Academic journal article ABA Banking Journal

Community Banks - Alive or Dying?

Academic journal article ABA Banking Journal

Community Banks - Alive or Dying?

Article excerpt

The simple, direct answer to that question is, "They are alive." More than alive, in fact, most of them are very healthy at present. But a concern underlies this prosperity: Too many bankers are worrying themselves sick about real and imagined threats to a healthy future.

What are the "real" factors ? The No. 1 threat is the attitude of you, the CEO, or principal owner. If you're tired--let alone defeated--then sell, merge, or quit.

On the other hand, if you're simply not sure about the future, do some probing. Join a peer group--learn what others are doing. Take an active interest in the Community Bankers Council of the ABA. Consider an employee stock ownership plan. Talk with the dean of the college of business at a nearby university. Ask for help and advice from your correspondent. Consultants can help, too--for a price, of course.

Caution: once some of these doors are opened--particularly those related to selling--rumors begin spreading. The banking grapevine produces juice faster than any Napa vineyard. So stress confidentiality in your conversations.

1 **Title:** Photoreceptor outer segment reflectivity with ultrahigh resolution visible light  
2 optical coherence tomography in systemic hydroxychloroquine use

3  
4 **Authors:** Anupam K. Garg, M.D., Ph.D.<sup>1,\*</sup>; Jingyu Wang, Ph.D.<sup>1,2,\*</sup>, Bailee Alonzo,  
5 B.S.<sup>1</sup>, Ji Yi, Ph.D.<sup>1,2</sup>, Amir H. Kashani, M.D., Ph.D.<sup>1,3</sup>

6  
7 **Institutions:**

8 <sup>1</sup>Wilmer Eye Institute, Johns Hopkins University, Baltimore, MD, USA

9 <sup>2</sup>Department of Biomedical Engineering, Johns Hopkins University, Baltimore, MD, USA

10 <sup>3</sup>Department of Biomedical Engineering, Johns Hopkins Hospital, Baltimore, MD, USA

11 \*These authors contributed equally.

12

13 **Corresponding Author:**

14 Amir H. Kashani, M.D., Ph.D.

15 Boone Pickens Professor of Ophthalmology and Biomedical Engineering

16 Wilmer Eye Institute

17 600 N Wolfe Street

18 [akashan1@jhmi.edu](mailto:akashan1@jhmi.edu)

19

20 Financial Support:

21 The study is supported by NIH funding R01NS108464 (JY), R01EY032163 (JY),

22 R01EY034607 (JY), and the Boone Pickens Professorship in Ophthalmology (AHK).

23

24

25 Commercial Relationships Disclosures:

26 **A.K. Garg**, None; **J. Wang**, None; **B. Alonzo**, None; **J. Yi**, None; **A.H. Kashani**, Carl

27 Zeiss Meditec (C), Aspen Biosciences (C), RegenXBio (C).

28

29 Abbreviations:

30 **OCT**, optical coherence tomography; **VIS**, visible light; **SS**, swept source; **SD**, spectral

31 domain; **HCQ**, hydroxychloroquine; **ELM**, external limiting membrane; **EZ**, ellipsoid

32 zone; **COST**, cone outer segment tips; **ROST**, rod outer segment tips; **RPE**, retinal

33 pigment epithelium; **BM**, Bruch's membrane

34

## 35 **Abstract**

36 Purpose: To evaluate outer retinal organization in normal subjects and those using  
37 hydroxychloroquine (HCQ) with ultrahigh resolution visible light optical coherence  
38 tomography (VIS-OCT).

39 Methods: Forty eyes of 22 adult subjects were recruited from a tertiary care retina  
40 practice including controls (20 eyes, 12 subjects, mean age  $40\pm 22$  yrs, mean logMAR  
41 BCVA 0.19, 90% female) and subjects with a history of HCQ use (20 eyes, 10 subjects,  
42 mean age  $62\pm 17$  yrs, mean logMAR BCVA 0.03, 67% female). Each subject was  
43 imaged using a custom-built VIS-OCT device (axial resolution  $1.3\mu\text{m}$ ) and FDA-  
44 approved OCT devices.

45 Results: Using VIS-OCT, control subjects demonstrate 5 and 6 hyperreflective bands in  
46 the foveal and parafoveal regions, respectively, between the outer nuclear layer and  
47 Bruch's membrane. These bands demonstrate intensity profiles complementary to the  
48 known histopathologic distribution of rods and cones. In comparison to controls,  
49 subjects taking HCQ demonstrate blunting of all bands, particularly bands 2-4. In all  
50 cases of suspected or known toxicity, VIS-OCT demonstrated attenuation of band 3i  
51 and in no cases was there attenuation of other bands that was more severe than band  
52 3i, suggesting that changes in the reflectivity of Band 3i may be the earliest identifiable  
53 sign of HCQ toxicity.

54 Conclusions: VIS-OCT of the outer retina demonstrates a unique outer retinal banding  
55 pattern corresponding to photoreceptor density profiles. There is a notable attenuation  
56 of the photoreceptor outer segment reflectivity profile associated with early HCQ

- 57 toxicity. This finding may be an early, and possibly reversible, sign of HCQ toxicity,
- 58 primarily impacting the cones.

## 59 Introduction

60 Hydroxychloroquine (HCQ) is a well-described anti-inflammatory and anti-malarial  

Other "real" factors to consider:

1. Assess your true market area and your share of it over the last ten years;

2. Analyze the vigor of your area-- look at consumer demographics and commercial/agricultural strengths;

3. Gauge your competition: who? how much? can you equal or beat it?

4. Examine your administrative burden--are you as careful about controlling your own internal red tape as you are about regulatory red tape ? (Take a look especially at all those computer-generated reports);

5. Review succession plans--are family members or others interested and capable of taking over? and

6. Consider the ability and longevity of your current staff.

Those are some basics that need clarification before decisions are made about your bank's future.

But too many bankers are looking at shadows and giving them more substance than they merit. These are the "imagined" threats. One example I hear from time to time is that "the regulators/examiners [or some other party] have a hidden agenda to force small banks out of business." That is, of course, unreal and not true.

Another grumble: "Nobody really understands us or helps us." This plaint usually is directed at associations. When I ask, "How many letters, phone calls, or fax messages have you sent to your associations this year? …

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